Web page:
Thursday, July 05, 2007

Practical congestion pricing solutions for Sydney

Courtesy of Heath G at Catallaxy I learned of this interesting proposal to levy congestion-dependent charges to access the bus lane on Sydney’s Harbour Bridge. Motorists would be charged $5, $10 or $20 to escape congested lanes and travel on uncongested lanes into the city. They would be charged more as levels of congestion rose and more people sought to use the lanes.

I doubt introducing this facility would do that much for congestion since only one lane of traffic is involved but I still think it is a good idea. People with a high value of travel (the rich and those running late with an urgent need to visit the city) are effectively bribing, via the public purse, other motorists to get to the front of the queue. The trade yields efficiency gains since every motorist is potentially advantaged – those using the lane get to the city quicker while those not using the lane get given a transfer via the public purse.

For dealing with congestion I would turn this arrangement on its head. I would alternatively price all access roads to the city (not just roads across the bridge) except for a few roads or, on multi-lane roads, except for a few lanes, which would be left unpriced. Then motorists would be given a choice of getting to the city without excessive congestion but paying a fee or travelling under congested conditions and not paying a fee.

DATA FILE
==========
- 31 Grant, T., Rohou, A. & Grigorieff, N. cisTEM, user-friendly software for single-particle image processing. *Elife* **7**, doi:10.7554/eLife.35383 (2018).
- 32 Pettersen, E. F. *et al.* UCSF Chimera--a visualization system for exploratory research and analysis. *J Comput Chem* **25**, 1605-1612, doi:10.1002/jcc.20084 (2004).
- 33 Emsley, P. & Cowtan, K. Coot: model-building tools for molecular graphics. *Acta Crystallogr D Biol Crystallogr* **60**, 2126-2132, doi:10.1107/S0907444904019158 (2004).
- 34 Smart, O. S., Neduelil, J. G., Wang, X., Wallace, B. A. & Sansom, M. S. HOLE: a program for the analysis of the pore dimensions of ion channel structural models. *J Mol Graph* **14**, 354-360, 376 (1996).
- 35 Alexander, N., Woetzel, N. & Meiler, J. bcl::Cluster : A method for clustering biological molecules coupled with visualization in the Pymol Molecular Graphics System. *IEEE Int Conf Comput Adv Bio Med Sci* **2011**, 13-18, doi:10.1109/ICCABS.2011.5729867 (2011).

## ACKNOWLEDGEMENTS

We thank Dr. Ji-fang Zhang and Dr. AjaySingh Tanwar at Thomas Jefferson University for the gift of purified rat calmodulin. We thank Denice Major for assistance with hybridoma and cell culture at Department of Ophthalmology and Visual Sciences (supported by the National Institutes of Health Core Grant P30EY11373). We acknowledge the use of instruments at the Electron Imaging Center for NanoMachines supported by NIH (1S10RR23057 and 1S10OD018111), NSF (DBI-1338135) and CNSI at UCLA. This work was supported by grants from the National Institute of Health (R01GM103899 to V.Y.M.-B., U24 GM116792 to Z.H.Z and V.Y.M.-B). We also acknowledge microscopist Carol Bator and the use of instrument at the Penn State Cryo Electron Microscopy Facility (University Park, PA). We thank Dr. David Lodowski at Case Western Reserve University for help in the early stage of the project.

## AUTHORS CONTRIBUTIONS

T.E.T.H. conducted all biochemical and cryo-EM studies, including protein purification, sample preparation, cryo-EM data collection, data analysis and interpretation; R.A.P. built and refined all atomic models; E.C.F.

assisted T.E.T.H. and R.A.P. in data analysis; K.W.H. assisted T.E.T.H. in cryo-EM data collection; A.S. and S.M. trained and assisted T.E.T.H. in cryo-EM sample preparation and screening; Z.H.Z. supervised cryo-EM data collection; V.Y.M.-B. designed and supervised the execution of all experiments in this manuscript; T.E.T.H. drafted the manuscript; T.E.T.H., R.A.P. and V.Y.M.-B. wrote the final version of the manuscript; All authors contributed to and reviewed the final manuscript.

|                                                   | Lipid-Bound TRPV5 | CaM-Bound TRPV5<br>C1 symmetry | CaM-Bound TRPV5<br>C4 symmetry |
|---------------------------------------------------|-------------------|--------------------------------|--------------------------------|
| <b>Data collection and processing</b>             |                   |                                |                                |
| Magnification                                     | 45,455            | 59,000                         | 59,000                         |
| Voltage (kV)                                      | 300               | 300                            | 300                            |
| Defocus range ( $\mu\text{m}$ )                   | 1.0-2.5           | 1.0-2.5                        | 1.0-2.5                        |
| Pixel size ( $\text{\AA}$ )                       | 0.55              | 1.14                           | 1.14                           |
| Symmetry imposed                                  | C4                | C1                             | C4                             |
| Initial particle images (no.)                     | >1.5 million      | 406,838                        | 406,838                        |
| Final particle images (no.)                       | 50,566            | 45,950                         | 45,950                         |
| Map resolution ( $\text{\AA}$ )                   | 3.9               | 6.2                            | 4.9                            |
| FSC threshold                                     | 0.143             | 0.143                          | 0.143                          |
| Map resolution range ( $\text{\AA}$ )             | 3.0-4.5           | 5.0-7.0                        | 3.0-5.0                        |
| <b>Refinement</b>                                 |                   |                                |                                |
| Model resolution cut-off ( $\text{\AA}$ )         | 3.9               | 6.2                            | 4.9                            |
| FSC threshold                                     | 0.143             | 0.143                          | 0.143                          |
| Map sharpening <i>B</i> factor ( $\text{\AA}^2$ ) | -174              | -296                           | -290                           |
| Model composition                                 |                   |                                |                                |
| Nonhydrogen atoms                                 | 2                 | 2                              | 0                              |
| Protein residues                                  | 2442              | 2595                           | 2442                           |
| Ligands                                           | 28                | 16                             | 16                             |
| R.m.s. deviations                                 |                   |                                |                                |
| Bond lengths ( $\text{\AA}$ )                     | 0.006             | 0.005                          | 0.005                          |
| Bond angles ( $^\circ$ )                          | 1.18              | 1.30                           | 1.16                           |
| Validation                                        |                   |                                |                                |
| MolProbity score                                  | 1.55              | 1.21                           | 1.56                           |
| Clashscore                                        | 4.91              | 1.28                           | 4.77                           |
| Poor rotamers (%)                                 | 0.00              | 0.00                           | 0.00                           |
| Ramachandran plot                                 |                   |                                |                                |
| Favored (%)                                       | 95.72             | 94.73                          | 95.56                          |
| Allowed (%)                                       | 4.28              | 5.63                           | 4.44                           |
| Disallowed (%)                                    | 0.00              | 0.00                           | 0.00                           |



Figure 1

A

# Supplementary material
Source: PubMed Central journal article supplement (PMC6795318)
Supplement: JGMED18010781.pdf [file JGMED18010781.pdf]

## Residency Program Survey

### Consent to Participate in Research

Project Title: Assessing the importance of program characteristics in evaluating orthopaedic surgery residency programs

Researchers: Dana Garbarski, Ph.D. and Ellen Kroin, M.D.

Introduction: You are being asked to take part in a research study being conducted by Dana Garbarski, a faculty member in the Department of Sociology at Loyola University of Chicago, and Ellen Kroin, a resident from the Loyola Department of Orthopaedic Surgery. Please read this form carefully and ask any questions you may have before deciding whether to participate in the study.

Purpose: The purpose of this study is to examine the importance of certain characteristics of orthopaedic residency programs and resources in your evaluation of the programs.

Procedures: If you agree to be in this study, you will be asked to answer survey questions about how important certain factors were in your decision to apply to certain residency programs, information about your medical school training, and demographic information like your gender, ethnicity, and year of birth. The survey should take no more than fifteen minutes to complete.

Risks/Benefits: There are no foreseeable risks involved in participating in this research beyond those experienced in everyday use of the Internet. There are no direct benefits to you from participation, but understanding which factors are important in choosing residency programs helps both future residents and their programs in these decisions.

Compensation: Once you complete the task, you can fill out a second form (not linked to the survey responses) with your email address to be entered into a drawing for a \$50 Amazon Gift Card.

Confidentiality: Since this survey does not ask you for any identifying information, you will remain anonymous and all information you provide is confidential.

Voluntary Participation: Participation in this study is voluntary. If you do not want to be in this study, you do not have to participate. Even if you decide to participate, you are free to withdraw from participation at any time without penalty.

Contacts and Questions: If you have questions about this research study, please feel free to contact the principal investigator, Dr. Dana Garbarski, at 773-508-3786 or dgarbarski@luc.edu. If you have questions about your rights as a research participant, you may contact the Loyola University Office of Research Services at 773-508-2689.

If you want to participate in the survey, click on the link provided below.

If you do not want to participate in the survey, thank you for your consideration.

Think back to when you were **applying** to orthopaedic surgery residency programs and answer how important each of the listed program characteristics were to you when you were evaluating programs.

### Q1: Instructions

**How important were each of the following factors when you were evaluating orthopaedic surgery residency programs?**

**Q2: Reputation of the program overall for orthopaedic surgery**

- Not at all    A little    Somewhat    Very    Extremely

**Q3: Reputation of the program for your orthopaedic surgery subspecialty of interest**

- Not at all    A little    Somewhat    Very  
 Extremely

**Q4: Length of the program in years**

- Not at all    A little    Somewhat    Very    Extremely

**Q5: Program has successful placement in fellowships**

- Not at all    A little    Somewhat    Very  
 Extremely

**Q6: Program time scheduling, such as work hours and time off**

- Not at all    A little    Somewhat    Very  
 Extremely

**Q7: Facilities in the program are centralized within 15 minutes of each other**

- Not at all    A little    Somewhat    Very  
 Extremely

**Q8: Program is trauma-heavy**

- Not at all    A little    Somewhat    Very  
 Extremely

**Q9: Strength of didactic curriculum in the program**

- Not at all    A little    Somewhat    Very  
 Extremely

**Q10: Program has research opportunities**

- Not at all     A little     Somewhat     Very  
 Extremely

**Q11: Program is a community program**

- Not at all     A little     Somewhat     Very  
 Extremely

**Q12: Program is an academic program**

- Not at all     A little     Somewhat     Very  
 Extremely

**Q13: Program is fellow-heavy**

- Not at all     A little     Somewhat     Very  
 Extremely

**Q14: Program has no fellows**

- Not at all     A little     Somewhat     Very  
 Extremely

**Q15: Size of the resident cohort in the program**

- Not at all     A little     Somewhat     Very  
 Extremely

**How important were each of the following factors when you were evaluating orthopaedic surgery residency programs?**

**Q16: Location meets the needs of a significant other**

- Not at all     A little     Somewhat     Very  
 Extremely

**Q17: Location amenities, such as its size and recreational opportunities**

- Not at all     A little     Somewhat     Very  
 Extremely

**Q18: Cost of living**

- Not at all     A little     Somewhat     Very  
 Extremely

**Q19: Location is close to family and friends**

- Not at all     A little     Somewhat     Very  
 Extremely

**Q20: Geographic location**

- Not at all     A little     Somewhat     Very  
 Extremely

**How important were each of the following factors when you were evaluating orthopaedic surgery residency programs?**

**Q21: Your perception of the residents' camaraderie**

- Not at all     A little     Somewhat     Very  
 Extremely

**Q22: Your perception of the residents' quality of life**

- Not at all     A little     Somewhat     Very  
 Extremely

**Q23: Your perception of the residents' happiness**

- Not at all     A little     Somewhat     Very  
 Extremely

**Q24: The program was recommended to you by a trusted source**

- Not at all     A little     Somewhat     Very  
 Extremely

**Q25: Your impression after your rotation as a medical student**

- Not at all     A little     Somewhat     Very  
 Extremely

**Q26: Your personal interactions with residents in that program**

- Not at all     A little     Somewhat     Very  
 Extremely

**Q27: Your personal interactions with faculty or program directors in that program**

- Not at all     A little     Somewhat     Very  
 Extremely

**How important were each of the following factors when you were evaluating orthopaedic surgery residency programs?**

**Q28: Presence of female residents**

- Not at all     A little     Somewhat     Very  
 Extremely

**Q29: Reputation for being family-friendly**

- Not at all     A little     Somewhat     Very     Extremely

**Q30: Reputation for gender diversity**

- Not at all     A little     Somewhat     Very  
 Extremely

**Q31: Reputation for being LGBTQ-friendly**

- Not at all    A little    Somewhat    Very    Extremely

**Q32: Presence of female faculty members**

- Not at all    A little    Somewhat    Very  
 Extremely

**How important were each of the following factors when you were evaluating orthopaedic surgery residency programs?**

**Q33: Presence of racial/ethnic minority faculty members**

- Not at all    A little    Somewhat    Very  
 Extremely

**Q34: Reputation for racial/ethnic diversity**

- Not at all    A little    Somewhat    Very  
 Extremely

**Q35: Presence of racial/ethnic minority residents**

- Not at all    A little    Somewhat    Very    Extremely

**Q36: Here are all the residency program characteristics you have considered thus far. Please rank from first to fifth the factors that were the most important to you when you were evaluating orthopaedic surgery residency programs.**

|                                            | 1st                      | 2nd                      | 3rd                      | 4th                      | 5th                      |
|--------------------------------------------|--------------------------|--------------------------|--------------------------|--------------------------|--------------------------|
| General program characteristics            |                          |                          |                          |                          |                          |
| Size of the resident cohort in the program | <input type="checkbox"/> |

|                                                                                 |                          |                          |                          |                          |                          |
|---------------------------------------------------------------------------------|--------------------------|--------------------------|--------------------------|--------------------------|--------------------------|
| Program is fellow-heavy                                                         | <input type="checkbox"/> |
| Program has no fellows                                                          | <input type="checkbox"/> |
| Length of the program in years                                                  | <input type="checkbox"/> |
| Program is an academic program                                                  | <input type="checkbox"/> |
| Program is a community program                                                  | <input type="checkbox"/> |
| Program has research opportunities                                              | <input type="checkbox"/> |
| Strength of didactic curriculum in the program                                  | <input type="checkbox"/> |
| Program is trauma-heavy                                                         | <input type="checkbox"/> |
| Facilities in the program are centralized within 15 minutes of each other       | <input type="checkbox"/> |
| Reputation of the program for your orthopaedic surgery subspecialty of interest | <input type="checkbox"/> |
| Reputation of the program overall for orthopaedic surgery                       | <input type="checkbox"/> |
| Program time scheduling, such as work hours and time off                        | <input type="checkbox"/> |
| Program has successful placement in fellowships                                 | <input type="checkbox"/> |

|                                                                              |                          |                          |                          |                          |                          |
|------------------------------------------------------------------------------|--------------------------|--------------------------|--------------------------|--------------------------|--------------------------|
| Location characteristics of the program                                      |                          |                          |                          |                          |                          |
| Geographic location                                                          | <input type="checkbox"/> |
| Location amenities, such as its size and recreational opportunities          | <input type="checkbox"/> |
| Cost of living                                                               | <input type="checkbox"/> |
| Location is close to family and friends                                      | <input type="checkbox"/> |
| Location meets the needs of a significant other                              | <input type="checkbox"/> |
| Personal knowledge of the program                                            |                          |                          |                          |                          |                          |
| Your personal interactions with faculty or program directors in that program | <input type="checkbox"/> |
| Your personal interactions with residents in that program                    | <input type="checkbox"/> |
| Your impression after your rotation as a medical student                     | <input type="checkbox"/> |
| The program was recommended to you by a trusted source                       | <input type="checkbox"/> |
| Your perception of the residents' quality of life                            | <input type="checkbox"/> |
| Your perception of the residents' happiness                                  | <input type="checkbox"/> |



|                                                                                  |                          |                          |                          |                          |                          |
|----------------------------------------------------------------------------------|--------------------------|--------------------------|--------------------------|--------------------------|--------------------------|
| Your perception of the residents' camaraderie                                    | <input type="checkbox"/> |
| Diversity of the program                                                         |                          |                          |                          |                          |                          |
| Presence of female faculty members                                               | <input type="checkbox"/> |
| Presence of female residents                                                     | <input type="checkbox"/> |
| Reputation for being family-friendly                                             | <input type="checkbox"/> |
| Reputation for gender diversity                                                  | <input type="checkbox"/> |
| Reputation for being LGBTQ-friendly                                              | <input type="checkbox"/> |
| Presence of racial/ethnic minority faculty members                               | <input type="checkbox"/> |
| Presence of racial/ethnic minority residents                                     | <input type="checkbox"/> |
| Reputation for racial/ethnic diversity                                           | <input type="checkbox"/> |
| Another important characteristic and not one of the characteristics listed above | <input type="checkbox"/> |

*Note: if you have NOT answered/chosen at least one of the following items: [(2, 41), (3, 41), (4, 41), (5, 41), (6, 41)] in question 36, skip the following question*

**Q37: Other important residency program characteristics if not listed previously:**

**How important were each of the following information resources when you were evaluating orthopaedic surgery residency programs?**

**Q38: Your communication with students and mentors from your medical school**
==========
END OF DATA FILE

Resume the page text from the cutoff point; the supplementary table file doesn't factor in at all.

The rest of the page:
This arrangement overcomes a major practical objection to road pricing that it is politically unacceptable. As Harrington et al. (1998) show the political acceptability of road pricing increases if you give motorists choices of this type. With reasonable charges most motorists would use the priced roads and lanes leaving the unpriced roads and lanes congested but not unreasonably so.

Sydney is one of the most beautiful cities in the world. Vancouver, San Francisco and Stockholm would be among its rivals. As an ex Sydney-sider I regret the way life in Sydney is becoming dominated by congested car journeys. This detracts from the superb amenity values and agglomeration economies of living in such a beautiful city. Practical ways need to be found to limit low-value journeys into the city and a mixed system of tolled and un-tolled roads is one way to go.

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